Molly had given me her treasures. All that a 7-year-old held dear. Love in a paper sack. And I had missed it. Not only missed it, but had thrown it away because “there wasn’t anything in there I needed.”

It wasn’t the first or the last time I felt my Daddy permit was about to run out.

It was a long trip back to the office. The pilgrimage of a penitent, I picked up the wastebasket and poured the contents on my desk. I was sorting it all out when the janitor came in to do his chores.

“Lose something?”

“Yes, my mind.”

“It’s probably in there, all right. What’s it look like, and I’ll help you find it.” I started not to tell him. But I couldn’t feel any more of a fool than I was already in fact, so I told him.

He didn’t laugh. “I got kids, too.” So the brotherhood of fools searched the trash and found the jewels, and he smiled at me and I smiled at him.

After washing the mustard off the dinosaur and spraying the whole thing with breath freshener to kill the smell of onions, I carefully smoothed out the wadded ball of brown paper into a semi-functional bag and put the treasures inside. I carried it home gingerly, like an injured kitten. The next evening, I returned it to Molly. No questions asked, no explanations offered.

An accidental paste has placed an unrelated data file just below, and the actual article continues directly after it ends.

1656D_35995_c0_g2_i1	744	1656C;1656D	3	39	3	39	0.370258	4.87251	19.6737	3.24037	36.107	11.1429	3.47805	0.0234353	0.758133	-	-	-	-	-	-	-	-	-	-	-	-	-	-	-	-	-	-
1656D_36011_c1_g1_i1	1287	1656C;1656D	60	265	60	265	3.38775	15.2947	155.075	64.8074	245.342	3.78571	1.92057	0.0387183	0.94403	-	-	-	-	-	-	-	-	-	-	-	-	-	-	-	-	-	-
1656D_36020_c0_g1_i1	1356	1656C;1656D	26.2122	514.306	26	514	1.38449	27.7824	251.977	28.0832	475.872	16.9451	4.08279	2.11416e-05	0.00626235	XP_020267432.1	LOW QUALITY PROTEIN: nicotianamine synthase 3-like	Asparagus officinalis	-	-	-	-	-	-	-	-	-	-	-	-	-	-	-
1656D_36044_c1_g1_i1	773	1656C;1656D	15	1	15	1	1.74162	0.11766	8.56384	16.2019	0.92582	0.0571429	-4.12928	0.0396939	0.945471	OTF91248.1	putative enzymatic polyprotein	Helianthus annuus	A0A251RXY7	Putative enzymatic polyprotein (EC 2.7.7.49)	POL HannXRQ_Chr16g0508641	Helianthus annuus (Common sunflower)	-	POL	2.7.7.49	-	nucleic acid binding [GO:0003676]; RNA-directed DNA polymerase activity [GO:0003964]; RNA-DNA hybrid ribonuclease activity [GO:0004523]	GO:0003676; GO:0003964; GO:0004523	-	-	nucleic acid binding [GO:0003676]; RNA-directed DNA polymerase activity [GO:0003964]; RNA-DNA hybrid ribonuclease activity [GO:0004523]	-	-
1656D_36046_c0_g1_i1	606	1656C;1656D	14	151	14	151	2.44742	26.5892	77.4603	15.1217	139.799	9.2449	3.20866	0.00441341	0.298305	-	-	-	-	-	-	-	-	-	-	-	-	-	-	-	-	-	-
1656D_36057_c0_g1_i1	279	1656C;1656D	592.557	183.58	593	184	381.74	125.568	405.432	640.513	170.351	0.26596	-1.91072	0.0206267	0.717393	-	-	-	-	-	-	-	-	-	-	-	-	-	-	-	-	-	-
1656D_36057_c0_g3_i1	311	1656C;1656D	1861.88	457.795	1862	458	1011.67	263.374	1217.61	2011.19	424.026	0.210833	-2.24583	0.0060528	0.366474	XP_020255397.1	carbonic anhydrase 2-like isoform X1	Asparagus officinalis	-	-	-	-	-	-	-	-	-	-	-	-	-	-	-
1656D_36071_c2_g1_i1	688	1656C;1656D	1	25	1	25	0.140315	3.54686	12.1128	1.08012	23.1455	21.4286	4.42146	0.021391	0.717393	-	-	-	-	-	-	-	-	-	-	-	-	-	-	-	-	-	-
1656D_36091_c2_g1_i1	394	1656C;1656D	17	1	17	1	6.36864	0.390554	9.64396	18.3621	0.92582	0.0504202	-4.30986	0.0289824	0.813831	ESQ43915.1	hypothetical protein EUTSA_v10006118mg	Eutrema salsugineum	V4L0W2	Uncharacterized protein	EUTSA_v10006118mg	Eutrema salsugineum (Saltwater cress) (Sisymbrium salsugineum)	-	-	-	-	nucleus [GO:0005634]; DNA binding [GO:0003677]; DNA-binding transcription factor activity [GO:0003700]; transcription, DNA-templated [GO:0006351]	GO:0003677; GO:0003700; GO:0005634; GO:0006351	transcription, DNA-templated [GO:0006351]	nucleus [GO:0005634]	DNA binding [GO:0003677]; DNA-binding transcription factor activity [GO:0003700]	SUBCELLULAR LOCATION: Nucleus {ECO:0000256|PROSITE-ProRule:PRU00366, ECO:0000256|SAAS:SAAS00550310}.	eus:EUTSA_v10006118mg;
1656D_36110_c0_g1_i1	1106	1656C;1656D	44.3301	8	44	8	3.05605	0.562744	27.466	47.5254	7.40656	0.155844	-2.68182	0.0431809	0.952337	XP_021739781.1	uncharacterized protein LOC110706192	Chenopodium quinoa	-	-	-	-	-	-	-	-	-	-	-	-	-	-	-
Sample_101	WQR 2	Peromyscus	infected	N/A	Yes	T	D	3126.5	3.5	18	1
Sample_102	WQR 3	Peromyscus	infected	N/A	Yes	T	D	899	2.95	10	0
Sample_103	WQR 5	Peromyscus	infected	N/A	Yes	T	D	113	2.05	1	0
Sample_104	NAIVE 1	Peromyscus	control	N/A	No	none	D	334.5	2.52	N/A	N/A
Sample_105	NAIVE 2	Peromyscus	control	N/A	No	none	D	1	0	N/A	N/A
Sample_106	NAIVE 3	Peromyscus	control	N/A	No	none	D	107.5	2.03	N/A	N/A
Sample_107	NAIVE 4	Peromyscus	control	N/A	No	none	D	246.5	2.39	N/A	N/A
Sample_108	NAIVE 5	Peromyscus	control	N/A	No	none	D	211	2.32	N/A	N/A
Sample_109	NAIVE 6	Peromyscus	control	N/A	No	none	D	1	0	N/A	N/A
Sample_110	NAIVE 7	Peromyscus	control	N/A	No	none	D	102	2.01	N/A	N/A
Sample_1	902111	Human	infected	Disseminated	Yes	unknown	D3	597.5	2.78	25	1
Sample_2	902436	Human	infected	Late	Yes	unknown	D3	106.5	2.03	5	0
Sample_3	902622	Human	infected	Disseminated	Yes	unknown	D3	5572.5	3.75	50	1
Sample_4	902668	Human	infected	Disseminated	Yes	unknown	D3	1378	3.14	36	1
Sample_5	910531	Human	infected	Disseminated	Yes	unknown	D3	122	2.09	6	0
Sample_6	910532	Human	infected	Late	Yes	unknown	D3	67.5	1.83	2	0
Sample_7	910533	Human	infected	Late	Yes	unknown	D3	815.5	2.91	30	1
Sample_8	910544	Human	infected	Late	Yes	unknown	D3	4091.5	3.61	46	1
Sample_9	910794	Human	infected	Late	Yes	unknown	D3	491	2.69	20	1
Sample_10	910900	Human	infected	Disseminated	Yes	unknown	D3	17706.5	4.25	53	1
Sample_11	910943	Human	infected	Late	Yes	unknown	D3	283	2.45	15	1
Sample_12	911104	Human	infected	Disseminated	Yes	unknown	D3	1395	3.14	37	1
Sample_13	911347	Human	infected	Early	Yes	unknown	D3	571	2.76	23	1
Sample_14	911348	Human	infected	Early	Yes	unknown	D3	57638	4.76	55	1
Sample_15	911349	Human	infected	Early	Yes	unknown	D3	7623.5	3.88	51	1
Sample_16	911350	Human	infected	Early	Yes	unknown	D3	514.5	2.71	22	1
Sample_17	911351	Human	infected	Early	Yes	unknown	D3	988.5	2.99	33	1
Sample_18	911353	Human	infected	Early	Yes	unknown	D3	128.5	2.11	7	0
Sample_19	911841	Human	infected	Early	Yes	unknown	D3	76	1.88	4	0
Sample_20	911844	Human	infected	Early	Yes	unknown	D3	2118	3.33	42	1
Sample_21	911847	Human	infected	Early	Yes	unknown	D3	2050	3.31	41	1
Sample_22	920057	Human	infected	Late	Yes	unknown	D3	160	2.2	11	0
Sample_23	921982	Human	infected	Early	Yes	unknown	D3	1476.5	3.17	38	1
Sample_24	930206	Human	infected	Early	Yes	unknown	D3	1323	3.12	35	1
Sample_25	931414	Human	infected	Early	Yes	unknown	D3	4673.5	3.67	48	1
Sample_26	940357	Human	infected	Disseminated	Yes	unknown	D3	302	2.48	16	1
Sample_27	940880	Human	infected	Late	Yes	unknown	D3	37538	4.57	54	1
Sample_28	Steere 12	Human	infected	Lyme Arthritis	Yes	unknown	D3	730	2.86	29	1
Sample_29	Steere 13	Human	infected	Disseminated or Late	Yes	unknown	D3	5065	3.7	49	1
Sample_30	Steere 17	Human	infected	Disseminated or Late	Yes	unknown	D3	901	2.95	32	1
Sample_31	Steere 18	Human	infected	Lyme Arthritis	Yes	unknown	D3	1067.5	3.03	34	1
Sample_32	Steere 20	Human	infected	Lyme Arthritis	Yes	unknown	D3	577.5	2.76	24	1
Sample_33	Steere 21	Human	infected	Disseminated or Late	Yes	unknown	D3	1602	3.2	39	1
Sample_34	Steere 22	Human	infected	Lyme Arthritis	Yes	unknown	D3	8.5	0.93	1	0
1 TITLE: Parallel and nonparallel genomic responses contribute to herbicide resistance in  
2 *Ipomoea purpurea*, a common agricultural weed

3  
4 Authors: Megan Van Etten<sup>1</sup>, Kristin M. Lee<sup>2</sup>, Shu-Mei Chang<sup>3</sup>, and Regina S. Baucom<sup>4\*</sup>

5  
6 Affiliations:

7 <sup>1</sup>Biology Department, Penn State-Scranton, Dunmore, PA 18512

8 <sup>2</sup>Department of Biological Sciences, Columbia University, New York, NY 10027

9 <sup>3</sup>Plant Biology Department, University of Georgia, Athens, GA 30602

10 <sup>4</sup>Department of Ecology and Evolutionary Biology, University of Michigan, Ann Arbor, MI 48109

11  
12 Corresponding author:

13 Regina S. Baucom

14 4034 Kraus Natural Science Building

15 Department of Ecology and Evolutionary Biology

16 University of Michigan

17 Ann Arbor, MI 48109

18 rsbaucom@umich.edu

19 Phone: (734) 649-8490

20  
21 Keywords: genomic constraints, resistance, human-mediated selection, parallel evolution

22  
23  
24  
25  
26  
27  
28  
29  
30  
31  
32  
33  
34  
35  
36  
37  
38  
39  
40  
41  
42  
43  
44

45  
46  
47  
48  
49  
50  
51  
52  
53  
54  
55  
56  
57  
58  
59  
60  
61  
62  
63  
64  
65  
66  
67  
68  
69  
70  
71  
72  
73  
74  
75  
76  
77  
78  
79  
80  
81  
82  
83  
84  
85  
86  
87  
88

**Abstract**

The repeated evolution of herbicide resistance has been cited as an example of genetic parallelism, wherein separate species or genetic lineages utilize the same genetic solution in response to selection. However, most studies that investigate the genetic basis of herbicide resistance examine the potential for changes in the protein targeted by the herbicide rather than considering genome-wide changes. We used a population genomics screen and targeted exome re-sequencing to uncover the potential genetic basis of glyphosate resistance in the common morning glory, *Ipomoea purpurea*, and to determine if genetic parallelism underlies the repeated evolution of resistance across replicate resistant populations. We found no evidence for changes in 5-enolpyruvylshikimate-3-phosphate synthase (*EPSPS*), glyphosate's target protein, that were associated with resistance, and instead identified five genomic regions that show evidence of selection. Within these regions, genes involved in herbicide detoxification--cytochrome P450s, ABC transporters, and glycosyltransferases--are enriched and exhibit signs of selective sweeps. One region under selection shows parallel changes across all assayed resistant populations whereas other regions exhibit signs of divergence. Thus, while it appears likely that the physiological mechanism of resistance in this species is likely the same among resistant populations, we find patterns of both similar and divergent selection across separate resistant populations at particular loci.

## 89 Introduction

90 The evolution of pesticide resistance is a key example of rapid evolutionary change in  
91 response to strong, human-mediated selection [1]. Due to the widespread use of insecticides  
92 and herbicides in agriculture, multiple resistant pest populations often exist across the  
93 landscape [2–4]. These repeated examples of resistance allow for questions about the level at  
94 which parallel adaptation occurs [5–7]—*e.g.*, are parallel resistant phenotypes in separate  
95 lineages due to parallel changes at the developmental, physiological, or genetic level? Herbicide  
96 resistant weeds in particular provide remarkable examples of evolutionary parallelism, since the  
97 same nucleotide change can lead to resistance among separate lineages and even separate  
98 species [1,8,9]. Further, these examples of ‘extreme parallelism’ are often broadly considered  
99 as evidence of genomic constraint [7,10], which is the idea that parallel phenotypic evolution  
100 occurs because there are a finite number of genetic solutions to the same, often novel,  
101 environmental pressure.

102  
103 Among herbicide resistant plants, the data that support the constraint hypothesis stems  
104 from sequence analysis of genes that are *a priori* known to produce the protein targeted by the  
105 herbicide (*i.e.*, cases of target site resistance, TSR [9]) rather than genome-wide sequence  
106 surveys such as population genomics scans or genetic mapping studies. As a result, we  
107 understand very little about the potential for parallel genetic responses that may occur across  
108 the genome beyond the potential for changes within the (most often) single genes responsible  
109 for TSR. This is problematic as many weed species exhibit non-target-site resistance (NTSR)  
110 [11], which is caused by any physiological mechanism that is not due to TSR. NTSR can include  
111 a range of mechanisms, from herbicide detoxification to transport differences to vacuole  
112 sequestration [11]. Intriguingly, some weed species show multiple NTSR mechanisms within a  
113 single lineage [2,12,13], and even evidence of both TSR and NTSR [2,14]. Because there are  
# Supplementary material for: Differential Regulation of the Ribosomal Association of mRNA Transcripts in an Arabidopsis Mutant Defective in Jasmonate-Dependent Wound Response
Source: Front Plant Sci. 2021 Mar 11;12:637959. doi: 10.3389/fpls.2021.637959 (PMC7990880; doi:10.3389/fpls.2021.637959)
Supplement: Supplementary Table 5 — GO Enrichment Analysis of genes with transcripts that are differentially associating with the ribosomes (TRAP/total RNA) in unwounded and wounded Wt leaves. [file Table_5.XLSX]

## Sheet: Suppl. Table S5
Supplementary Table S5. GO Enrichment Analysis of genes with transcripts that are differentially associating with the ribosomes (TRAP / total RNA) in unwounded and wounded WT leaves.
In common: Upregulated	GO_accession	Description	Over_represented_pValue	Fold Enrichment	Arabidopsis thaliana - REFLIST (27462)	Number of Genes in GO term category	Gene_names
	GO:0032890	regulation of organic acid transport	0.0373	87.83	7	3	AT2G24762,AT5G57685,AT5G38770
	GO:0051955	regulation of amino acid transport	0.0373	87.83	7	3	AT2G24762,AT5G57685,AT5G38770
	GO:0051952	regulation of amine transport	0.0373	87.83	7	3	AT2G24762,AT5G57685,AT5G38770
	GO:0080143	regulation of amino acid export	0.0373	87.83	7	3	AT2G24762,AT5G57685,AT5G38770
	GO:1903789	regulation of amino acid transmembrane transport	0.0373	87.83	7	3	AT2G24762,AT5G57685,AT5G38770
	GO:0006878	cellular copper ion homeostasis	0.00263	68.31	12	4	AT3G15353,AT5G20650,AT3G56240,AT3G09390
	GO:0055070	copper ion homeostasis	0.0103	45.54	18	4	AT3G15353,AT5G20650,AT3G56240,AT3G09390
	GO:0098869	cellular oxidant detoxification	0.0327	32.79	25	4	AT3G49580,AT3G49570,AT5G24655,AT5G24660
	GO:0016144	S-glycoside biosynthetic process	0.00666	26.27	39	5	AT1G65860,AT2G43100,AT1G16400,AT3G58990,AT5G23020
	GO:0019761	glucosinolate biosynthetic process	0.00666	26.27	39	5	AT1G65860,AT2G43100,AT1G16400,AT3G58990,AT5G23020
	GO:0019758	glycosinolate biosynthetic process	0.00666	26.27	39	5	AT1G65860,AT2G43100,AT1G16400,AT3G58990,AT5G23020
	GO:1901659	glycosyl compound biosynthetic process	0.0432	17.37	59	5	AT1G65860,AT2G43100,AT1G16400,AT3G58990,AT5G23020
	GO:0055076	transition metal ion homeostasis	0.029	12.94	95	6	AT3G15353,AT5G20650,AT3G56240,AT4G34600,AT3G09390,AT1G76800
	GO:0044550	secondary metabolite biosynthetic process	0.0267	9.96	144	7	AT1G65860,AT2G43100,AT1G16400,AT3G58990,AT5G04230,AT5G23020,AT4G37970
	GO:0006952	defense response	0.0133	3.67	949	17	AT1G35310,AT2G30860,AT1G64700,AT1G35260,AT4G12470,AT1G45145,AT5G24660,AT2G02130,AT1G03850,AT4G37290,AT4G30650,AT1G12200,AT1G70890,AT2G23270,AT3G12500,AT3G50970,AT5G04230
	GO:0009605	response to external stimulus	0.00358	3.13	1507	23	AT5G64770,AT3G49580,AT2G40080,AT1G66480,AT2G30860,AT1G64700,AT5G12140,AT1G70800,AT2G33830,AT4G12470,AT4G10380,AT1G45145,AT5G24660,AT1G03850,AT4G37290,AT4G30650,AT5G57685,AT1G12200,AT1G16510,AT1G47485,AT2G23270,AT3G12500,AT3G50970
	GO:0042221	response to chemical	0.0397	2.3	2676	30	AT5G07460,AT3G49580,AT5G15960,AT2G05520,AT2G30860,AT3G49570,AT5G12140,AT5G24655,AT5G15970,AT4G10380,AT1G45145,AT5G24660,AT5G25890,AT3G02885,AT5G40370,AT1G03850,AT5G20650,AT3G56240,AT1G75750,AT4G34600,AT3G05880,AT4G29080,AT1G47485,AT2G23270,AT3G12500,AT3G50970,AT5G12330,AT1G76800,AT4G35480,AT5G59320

After dinner I asked her to tell me about the stuff in the sack, and so she took it all out a piece at a time and placed the objects in a row on the dining room table. Everything had a story, a memory or was attached to dreams and imaginary friends. I managed to say, “I see” very wisely several times. And, as a matter of fact, I did see.

To my surprise, Molly gave the bag to me once again several days later. Same ratty bag. Same stuff inside. I felt forgiven. And trusted. And loved. And a little more comfortable wearing the title of Father. Over several months, the bag went with me from time to time. It was never clear to me why I did or did not get it on a given day.

In time Molly turned her attention to other things— found other treasures, lost interest in the game, grew up.

Me? I was left holding the bag. She gave it to me one morning and never asked for its return. And so I have it still.